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What's The Future Looks Like... or May Not

Stream Processing to Replace FPU?

X-bit labs: Given your accent onto GPU computing, do you foresee a major shift onto stream computing from x86 computing?

Neal Robison: In the area of high-performance computers with some of the supercomputers around the globe we are seeing a major shift on the stream computing from traditional x86 computing environment. For AMD, when we look out into the future, it is about a good balance between those two worlds. There are tasks that make absolute sense for serialized x86 cores and there are a lot of tasks that make absolute sense in a parallel-oriented GPU-compute or stream computing core. What we want to have is a well-balanced system that would accommodate all of those tasks and take advantage of the processing power that is available for everything. So, I don't see one of those things taking over from another, but we want to make sure there is a good Fusion architecture which is there for the balance.

AMD A-series "Llano" processor. Image by

X-bit labs: Maybe you think it is time to scrap x87, FPU in general and use multi-stream Radeon GPUs instead?

Neal Robison: I think that you cannot have just a GPU system. We emphasize that the GPU is great for a lot of tasks, but certainly there is a definite range for the x86/x87 multi-core inside a Fusion chip because of distribution of different tasks. So I would not say that multi-stream Radeon GPU is going to solve all the world's problems, it has never been designed that way. Running an operating system on top of the GPU at this time simply does not make a lot of sense. We want to achieve a good balance of serialized tasks and parallel tasks.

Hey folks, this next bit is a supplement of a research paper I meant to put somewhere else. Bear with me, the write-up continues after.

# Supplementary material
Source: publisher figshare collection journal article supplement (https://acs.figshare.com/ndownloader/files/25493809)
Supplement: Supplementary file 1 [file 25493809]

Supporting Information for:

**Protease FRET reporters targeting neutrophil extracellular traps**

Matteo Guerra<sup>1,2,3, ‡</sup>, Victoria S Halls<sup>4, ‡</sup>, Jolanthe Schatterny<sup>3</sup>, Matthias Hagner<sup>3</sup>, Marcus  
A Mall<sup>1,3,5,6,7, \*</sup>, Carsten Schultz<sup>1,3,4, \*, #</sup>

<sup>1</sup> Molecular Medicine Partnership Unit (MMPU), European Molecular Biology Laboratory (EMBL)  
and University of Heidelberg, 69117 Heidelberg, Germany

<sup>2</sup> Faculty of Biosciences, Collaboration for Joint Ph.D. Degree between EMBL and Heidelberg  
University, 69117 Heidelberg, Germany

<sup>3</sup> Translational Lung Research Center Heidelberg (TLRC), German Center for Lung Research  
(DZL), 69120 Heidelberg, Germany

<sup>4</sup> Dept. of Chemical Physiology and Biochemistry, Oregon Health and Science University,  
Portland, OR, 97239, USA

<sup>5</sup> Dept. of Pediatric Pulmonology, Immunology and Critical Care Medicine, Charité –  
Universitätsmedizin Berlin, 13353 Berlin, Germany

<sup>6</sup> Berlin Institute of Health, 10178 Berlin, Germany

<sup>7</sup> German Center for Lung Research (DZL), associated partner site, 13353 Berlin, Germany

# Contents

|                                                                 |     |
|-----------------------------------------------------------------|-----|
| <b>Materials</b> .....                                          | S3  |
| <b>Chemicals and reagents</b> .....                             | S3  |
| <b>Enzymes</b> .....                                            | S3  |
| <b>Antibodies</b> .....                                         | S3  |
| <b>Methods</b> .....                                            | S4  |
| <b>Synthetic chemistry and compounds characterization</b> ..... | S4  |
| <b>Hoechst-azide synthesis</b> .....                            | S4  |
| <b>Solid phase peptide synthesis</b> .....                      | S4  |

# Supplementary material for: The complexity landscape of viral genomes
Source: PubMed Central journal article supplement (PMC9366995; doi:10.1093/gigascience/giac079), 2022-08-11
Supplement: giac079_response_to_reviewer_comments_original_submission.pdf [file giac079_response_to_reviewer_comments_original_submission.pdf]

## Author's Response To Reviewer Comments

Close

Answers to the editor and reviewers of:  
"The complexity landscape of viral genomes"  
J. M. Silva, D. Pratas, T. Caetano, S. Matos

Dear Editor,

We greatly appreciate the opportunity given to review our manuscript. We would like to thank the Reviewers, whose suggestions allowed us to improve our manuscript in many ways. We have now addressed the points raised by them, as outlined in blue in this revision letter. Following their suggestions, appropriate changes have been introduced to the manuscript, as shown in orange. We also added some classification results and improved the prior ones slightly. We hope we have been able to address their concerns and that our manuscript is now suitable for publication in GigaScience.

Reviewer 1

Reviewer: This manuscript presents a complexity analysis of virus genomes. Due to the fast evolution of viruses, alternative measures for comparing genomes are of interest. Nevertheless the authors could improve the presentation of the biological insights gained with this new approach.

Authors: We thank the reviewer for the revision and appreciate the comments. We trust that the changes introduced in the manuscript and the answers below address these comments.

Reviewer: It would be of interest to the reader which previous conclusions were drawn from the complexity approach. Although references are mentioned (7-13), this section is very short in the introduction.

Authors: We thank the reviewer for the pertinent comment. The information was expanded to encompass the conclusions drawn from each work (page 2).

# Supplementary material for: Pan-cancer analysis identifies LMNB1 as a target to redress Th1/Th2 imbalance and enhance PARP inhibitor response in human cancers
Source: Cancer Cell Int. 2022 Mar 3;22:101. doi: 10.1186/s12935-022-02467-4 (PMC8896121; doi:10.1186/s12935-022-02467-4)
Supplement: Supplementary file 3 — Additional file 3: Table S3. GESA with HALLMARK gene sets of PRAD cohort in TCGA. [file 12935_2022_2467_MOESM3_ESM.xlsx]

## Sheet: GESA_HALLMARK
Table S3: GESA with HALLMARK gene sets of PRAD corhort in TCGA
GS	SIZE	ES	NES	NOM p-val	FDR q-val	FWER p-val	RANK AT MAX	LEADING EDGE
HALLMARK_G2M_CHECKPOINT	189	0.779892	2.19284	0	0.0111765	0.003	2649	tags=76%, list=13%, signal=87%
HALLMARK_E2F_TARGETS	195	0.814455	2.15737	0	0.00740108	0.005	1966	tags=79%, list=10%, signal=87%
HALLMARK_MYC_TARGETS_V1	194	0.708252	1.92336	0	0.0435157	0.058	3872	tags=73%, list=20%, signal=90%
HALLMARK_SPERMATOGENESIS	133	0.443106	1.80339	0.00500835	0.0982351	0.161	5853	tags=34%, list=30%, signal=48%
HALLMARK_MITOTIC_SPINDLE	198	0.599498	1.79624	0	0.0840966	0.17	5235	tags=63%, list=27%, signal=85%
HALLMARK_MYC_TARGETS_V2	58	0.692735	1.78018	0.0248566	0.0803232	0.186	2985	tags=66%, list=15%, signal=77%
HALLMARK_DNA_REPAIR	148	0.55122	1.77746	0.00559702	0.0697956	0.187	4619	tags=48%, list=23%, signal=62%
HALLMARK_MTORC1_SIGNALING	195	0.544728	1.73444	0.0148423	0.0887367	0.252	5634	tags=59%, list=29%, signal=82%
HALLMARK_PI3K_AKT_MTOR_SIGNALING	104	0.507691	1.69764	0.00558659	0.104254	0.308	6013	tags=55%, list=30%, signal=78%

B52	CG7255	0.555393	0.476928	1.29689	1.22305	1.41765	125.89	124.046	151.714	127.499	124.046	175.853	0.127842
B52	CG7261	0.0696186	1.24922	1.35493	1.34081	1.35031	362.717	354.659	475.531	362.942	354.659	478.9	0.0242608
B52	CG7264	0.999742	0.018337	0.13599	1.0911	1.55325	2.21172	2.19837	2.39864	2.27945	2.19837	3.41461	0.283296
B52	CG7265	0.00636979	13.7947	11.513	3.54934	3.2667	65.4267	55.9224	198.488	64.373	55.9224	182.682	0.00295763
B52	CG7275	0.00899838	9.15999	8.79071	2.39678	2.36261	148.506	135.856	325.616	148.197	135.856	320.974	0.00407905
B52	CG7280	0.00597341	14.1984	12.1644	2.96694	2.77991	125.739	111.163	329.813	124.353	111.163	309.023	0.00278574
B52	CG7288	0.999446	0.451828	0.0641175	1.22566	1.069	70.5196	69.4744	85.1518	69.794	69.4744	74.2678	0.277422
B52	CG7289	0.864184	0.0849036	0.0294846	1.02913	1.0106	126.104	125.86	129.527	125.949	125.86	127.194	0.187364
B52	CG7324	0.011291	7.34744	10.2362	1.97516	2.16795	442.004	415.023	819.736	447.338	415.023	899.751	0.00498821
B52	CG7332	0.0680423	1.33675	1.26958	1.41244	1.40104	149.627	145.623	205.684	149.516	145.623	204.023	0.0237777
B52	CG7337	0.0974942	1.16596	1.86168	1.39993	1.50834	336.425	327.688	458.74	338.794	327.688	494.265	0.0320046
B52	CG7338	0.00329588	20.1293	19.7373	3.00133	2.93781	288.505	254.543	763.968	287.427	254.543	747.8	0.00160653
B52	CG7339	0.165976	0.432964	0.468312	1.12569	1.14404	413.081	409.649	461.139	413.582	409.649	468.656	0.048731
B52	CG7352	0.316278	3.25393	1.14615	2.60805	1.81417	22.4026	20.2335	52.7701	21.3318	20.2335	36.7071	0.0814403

X-bit labs: Don't you think that Intel will be against the shift to GPU computing, given the fact that it does not have a fast enough GPU? Intel [in the current prospect] would rather prefer fat x86 multi-core rather than something like Fusion.

Neal Robison: Perhaps, they would be against the shift. They seem to be supporting our efforts as far as the Fusion type of architecture, I mean, this is really what Sandy Bridge and the next iterations of that are designed to be. I think that they tried really hard to develop a GPU that would be able to handle intensive tasks that consumers today want and they failed. It is not the first time that they failed with a GPU as well. I believe that they are under the notion that all tasks should still be focused on an x86 CPU and we simply don't see that as the future.

X-bit labs: What do you think about creation of a GPU based on very small x86 cores?

Neal Robison: I don't think that it is going to work. [...] There are parts of the GPU that have been now developed and matured over the last twenty years that just make so much more sense with the majority of the tasks that they are asked. I think that the best of both worlds would be x86 cores and traditional GPU; that would let developers take advantage of all the power that is there, not just completely rely on one side or the other.

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